Poised, Perfect and Polite: Unpacking Gender Differences in Presidential Debates

| by Kate Macrae |

How the Different Candidates’ Language Demonstrate Double Standards for Women

Note to reader: QFLIP is a non-partisan organization. Partisan-based blog posts are written from the perspective of contributors.

Watching the first Presidential debate of 2020, I had a lot of thoughts, worries, and overall confusion like many others. To quote CNN’s Dana Bash, it was a “shit show.”

Current President, Donald Trump was the main contributor to this. He never once let democratic nominee Joe Biden finish a sentence and continuously interrupted him. It got to the point where Biden told President Trump to “shut up, man.” Across social media, news outlets and other platforms, Biden was wildly praised. Everyone was proud of Biden for telling Trump the words they wanted to say.

Thinking back to the 2016 election, where Trump defeated then-Democratic nominee Hilary Clinton, she was never able to speak to Trump the same way Biden has.

In the last four years, little has changed with Trump’s debating style. Then and now he still interrupts the other debater and moderator. But the difference in 2020 is that Biden, according to society, is allowed to tell President Trump to “shut up,” words that Clinton would never be able to utter.

Being a woman in politics is hard, but being a woman running against a misogynist like Trump is even harder.

The United States is a male-centric nation where women are constantly under pressure of a double behavioural standard. This is something Clinton got the chance to experience publicly during her run. Throughout the 2016 campaign, Clinton faced an extreme double standard.  She was scrutinized for everything.

If she didn’t smile, she was a bitch. If her speech was too factual, she was shrew. There was never a chance for her to be seen in the media as somewhat equal to her opponent. It was because she was a woman.  But Clinton is not the first woman to face the double standard.

For centuries women all over the world have experienced this. In the workplace, media, private life—the list goes on. In the workplace, women face the glass ceiling, not being paid equally and pitted against each other as competition. Online and in the media, women are criticized for every action. From something as benign as how they laughed, what they wore, and how they acted. They are expected to be the primary caregiver for children in their private life, cook and clean, and be the perfect nuclear wife.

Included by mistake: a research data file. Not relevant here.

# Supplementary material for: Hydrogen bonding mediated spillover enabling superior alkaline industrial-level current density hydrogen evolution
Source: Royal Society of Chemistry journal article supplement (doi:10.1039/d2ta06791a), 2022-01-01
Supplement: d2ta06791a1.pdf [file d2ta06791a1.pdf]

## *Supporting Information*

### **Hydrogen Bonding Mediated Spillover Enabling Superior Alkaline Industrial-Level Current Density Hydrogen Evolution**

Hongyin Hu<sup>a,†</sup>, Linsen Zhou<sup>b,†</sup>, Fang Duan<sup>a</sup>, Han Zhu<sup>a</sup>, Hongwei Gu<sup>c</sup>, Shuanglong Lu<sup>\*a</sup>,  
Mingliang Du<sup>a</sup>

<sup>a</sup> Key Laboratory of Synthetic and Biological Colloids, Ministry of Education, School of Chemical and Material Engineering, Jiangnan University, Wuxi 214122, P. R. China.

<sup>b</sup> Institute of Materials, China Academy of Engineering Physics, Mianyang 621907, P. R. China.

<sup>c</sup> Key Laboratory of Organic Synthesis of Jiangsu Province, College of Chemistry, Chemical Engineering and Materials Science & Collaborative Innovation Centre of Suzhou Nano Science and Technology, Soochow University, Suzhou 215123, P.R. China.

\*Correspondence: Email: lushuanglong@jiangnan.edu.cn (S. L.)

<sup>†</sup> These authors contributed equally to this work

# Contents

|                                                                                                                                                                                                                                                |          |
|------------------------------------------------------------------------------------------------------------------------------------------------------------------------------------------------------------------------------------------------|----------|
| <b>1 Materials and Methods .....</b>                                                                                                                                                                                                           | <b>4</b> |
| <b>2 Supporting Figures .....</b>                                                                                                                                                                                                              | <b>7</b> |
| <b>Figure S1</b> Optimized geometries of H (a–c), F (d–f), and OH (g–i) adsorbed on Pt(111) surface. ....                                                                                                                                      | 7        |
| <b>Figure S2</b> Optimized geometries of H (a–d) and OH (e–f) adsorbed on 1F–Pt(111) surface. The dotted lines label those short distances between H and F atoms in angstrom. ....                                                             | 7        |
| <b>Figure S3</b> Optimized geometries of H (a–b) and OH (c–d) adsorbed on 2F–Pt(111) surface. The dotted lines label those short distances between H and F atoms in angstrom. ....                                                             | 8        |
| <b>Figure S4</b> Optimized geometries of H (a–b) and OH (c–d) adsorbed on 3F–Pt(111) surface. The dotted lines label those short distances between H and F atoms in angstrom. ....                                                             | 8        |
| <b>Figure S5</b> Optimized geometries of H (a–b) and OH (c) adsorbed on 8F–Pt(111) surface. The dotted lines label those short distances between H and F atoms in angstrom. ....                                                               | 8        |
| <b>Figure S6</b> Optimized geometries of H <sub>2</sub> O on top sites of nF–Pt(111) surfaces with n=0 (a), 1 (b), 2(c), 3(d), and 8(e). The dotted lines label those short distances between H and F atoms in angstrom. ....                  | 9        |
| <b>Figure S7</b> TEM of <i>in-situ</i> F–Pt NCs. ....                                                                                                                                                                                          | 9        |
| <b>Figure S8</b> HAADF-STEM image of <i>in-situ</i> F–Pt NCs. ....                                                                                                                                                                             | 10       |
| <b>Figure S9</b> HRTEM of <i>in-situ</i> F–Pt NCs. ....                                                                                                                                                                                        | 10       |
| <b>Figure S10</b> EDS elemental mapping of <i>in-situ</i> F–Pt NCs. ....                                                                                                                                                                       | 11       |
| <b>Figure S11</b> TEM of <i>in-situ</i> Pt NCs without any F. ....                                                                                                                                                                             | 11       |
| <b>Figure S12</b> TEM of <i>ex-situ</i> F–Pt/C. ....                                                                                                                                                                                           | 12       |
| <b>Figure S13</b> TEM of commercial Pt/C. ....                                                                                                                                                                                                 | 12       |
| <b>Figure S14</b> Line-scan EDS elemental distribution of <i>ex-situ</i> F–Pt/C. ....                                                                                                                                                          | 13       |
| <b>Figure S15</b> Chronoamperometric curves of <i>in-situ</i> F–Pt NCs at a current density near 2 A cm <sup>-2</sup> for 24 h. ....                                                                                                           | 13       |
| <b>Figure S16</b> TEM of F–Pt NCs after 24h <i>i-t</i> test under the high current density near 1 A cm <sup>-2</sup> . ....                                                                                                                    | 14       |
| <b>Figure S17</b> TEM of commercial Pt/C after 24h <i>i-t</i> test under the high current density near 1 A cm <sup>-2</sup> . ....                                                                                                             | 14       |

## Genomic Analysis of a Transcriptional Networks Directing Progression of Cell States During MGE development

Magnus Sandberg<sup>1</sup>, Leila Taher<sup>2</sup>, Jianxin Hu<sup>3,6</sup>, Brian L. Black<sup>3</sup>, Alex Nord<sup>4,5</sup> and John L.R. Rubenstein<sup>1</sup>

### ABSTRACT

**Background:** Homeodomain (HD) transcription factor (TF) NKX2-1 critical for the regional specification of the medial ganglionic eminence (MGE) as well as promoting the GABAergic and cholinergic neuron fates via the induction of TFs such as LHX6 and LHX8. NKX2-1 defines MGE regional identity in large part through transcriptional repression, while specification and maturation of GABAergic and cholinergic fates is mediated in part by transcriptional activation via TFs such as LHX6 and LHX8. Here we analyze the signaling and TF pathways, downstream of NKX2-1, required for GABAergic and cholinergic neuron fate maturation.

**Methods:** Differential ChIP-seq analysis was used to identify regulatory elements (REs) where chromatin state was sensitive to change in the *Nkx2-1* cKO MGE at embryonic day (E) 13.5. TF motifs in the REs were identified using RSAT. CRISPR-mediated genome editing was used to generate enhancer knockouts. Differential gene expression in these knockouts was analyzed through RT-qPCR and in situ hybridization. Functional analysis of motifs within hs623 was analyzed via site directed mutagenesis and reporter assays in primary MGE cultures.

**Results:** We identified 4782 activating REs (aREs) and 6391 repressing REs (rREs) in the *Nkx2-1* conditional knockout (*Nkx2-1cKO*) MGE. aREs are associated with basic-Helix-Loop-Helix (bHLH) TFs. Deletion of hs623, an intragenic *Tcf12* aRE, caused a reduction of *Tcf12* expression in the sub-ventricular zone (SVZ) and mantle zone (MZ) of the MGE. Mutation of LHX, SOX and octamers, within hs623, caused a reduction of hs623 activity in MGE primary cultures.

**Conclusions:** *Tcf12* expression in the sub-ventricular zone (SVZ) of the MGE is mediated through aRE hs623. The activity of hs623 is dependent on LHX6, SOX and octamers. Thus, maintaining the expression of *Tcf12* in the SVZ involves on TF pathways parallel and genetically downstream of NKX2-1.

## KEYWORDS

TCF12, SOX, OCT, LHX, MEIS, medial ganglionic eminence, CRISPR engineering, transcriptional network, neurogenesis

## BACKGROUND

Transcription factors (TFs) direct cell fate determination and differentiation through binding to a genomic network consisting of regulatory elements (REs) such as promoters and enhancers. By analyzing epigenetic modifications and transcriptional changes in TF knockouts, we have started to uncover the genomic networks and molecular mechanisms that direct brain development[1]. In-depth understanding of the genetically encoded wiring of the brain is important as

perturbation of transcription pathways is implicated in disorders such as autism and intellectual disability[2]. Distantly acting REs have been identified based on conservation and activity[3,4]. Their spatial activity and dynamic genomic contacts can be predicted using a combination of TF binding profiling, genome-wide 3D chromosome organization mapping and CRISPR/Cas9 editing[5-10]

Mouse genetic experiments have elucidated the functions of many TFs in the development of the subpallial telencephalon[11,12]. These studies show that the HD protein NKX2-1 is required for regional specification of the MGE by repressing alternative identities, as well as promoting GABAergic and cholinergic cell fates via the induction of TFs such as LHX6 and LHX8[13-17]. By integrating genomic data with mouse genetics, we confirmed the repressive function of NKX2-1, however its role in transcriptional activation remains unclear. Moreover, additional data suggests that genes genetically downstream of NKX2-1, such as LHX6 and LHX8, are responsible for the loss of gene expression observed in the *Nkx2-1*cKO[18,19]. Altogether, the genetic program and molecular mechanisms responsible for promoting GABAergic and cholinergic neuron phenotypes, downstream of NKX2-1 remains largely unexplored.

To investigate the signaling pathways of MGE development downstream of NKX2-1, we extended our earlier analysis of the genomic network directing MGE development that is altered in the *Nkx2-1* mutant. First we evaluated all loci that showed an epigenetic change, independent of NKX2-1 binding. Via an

That night, Americans praised Biden. He did what no other woman would be able to do. Defeat Trump.

But Clinton did and still does have the same guts and confidence. During their third debate, Trump called Clinton directly a ‘nasty woman,’ and Clinton had to hold her tongue. She knew if she spoke out, it would create a bigger backlash than praise.  Four years later, Trump’s actions have not changed. During the debate, Biden can speak his mind; he can tell Trump to ‘shut up’ but Clinton had to be poised, perfect, and polite.

After the debate, Clinton stated on Twitter that there were times she wanted to say the same. But she couldn’t and still can’t say such ‘crude words’ and criticize a man like that, but it’s 2020.

Nonetheless in this election, the United States has had colossal advancement. They have elected not only their first woman vice president but a woman of colour.

In Kansas, they have elected the first Indigenous transwoman to a state legislator. Farther north in Delaware state senate, we’re seeing the first Transgender senator.

Down south in Florida, Floridians have elected the first openly Queer Black woman to the state legislator.

Amongst all the trial and error and numerous setbacks, there has been progress. With more representation of these underrepresented groups, we can achieve the justice that we deserve.

With progress following this trend, we can see the light at the end of the tunnel. Women will get their equal voice, the voice that has been too long suppressed.

Written by Kate Macrae, third-year political studies major, global development minor